Gardening for Optimum Taste, Yield, and Health

Photo: tinkersgardens.com

Elliander Eldridge

Staff Writer

 

There are a few simple methods that anyone can apply to grow vegetables that are much larger and taste much better than anything sold in the grocery stores. It doesn’t take a lot of work, just a simple understanding of what makes a good soil.

Most people know that the soil in their garden is alive with a multitude of microorganisms that break down organic matter and release nutrients to plants. What many do not know is that this soil is depleted of vital nutrients. Even if you fertilize your garden every year, there is typically something missing. America’s soil is malnourished and most people don’t even realize it. According to U.S. Senate Document No. 264 and the 1992 Earth Summit Report, the mineral values of farm and range soils has depleted 85 percent over the last 100 years in the United States.

Dr. Robert LaFave was quoted by a U.S. Research Center Report, “Without these minerals it is impossible for the regeneration process in the cell to occur. In fact, an enzyme, (which regulates hormones), cannot exist without minerals and trace minerals.” Dr. Linus Pauling, winner of two Nobel Prizes stated, “You can trace every sickness, every disease and every ailment to a mineral deficiency due to soil depletion.” Take diabetes, for example. Dr. Walter Mertz noted in 1959 that “Type II

Diabetes is not a disease. It is the lack of a natural ingredient, known as GTF chromium.” An estimated 90 percent of Americans are deficient in chromium and, as a result, diabetes is a growing epidemic. This is very similar to how a long time ago people would get scurvy simply by not getting enough Vitamin C in their diets.

If the soil is depleted of vital nutrients, the plants grown in the soil will also be depleted. Those plants won’t be as healthy and, as a result, they will not grow as well and will be prone to disease and insect damage. To deal with that problem, we give plants chemical fertilizers and pesticides. We, eating these plants, are in turn depleted. To deal with that problem, we give ourselves supplements and antibiotics. All of these problems can be solved very simply with the use of Biochar and evaporated sea minerals.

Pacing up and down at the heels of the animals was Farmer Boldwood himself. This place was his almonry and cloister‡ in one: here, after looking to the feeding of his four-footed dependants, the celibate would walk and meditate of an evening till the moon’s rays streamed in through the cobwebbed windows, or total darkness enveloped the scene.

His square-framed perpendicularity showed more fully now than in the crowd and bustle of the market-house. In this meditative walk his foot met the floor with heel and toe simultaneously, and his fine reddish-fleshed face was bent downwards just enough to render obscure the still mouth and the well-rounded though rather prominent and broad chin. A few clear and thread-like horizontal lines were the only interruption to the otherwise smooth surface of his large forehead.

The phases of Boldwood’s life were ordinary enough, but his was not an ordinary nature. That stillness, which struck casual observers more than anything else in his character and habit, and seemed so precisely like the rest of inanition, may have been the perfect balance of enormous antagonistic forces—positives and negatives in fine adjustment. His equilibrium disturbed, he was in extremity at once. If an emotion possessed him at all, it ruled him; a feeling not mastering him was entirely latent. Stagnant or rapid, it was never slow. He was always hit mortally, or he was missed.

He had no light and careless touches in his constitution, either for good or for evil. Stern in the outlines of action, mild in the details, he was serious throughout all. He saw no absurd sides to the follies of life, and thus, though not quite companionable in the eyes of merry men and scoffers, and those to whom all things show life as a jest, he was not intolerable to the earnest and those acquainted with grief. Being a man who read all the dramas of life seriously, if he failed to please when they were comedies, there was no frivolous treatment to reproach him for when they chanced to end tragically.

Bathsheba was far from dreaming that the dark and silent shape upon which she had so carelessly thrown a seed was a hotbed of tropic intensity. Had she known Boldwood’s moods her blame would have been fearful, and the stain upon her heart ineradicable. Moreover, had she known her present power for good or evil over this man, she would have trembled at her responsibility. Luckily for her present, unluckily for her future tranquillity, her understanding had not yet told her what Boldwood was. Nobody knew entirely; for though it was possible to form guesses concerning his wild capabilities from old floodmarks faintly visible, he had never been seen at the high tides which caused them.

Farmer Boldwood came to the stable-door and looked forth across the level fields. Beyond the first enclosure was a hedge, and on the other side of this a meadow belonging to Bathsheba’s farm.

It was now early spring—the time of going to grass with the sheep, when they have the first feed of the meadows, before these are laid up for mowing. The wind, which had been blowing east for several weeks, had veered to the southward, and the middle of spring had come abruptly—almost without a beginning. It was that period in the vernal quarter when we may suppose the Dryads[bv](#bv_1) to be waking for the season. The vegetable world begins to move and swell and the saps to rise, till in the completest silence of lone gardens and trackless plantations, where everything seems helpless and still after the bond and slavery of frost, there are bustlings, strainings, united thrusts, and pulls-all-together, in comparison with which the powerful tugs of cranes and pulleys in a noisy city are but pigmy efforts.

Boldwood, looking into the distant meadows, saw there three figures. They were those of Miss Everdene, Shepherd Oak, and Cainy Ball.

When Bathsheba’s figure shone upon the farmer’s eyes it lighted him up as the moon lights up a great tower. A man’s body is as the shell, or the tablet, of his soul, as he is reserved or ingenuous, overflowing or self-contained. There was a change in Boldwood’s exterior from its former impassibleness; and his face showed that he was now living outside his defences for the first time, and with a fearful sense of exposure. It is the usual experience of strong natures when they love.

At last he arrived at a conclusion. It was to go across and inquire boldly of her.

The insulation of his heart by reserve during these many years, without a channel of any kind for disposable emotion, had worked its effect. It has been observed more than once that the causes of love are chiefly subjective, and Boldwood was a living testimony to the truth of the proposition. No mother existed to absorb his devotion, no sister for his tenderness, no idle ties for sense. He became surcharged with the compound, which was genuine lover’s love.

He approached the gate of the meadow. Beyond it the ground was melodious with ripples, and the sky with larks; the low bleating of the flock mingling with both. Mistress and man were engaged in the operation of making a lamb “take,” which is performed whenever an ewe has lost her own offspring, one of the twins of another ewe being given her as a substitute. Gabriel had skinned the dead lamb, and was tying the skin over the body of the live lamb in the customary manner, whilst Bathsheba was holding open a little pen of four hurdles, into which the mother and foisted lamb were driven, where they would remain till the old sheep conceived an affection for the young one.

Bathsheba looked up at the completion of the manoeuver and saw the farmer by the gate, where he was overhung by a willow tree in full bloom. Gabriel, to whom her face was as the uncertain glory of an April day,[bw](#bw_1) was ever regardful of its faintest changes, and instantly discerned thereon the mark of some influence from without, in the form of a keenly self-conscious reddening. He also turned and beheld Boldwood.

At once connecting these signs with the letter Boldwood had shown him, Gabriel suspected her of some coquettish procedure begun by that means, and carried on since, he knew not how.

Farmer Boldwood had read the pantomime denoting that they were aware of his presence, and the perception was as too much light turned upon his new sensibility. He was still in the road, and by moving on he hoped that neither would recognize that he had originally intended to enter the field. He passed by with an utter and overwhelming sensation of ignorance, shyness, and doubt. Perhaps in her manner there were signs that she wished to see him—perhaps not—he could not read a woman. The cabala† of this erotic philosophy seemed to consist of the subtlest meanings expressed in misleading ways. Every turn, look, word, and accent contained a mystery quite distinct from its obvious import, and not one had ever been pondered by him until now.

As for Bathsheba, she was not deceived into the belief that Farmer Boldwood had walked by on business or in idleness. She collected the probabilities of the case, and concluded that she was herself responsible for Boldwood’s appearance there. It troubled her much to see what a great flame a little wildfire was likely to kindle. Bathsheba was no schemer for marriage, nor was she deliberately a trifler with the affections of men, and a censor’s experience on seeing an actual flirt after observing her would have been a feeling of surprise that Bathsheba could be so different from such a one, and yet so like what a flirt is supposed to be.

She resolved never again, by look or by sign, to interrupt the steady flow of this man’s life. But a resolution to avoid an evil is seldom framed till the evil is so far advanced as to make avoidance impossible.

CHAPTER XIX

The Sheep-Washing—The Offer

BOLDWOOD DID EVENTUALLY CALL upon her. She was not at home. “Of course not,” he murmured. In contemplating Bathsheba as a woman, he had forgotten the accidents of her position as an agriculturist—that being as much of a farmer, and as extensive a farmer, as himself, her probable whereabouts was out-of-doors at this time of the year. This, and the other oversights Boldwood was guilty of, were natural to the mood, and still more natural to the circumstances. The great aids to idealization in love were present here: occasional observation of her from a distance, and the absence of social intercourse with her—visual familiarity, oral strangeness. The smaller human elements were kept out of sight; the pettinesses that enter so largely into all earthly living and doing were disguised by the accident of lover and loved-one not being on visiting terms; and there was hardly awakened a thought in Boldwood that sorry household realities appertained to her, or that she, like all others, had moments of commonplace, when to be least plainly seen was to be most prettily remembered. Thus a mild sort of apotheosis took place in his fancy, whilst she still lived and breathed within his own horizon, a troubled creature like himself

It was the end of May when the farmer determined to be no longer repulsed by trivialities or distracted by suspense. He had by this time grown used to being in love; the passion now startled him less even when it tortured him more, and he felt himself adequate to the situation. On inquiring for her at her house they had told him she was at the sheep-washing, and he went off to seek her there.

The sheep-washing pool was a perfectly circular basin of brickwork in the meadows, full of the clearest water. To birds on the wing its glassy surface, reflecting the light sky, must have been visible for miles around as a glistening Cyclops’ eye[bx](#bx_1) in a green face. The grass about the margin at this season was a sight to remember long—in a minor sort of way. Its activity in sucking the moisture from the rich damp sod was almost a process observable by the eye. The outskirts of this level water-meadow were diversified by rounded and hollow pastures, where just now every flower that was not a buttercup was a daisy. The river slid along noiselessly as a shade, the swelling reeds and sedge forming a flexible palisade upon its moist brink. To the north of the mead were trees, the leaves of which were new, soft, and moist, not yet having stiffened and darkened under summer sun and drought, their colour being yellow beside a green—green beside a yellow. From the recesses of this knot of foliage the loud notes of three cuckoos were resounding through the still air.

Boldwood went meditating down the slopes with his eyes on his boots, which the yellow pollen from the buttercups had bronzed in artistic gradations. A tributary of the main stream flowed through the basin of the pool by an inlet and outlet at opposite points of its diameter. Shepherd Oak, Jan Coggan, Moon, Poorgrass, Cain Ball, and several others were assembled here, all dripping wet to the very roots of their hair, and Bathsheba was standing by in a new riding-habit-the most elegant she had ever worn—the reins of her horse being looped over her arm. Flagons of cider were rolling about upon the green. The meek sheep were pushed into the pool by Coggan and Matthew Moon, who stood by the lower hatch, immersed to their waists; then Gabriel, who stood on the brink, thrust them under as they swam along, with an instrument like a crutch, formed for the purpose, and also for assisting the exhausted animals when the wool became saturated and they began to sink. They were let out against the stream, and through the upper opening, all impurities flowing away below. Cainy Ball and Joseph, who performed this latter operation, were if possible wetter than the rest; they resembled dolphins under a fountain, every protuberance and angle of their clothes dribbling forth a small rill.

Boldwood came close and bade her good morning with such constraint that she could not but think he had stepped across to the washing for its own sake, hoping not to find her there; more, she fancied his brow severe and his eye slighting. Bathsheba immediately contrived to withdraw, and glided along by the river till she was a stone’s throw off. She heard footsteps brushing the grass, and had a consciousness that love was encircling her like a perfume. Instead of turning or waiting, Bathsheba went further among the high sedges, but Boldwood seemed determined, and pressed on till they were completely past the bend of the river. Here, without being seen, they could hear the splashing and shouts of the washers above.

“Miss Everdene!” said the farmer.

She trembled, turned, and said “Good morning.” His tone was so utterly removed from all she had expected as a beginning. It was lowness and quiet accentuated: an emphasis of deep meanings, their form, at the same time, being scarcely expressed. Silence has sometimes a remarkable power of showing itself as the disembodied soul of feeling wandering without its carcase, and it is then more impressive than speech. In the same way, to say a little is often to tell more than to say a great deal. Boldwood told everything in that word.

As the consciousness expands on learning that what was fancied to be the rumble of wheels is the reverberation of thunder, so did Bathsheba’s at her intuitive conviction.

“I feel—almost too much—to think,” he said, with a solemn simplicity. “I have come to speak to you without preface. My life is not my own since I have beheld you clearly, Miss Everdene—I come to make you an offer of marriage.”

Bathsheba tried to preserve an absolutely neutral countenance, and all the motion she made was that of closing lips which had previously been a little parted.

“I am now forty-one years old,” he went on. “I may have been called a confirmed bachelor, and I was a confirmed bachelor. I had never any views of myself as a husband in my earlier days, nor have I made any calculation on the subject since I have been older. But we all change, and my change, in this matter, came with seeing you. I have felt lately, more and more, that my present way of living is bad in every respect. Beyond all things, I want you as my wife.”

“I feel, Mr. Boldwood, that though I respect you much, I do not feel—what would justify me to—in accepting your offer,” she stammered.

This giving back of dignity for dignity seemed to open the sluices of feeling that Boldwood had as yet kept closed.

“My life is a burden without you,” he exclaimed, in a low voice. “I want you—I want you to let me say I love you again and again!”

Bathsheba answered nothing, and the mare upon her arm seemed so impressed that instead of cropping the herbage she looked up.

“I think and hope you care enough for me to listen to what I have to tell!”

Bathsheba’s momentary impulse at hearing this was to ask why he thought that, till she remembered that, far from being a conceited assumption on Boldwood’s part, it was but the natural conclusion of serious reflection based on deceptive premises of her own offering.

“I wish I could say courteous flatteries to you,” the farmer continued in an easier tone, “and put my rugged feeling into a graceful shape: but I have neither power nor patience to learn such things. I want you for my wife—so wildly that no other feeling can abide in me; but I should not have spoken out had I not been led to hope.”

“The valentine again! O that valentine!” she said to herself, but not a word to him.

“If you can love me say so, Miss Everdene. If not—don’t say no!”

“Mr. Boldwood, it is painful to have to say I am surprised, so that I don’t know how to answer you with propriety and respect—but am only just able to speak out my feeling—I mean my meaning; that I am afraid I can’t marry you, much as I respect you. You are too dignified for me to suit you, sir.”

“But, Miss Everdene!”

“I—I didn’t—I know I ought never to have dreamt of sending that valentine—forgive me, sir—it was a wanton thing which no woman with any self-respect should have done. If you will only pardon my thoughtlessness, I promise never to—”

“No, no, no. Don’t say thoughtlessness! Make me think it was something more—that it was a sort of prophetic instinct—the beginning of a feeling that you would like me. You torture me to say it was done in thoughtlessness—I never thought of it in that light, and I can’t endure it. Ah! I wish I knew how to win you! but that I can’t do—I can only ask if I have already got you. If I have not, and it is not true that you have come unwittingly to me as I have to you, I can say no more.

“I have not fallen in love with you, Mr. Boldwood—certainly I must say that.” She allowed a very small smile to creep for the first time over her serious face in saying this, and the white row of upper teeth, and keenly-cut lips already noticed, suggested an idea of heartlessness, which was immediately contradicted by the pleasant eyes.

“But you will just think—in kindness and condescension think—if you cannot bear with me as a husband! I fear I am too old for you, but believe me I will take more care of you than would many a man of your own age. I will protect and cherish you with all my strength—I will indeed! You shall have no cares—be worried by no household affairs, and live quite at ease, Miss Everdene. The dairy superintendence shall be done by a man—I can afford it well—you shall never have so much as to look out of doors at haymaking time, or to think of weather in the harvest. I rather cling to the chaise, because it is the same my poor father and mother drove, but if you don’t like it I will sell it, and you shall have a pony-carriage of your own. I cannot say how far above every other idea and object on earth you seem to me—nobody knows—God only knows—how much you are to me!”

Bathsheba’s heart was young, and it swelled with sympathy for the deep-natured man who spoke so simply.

It seems counter intuitive to “salt the earth” with evaporated sea water which is exactly why scientists have long rejected the notion. Following the tsunami of December 26, 2005 the Mercy Corps studied the soil and the first rice harvest that came after and found that “the scale of the negative impact arising from the saltwater inundation following the tsunami was, in many respects, overestimated. . . Anecdotal reports appear to indicate that the tsunami affected sites and nurseries have benefited from what has been termed the tsunami ‘bonus’. The higher yield recorded at an average of 4.2t/ha compared with 2.6t/ha7 previously, and faster reported growth rates requiring less fertilizer have been attributed by farmers to the ’bonus’.” In other words the crop yields nearly doubled as a result of sea minerals, despite what scientists previously believed. To put this into perspective, consider that raspberries grown with sea minerals tend to be the size of strawberries (see image).

In purchasing sea minerals for the garden, it is important to find a brand that sends samples to be tested clean of pollution. “Sea-90” by SeaAgri Inc is one such product. Sea-Crop by Ambrosia Technology LLC is another. Seedlings have a higher germination rate when mixed with water; plants grow faster and healthier when tilled into the soil; and leaves have no insect damage when a weekly spray is used. Seaweed has similar benefits because the cells concentrate the sea minerals in its tissues.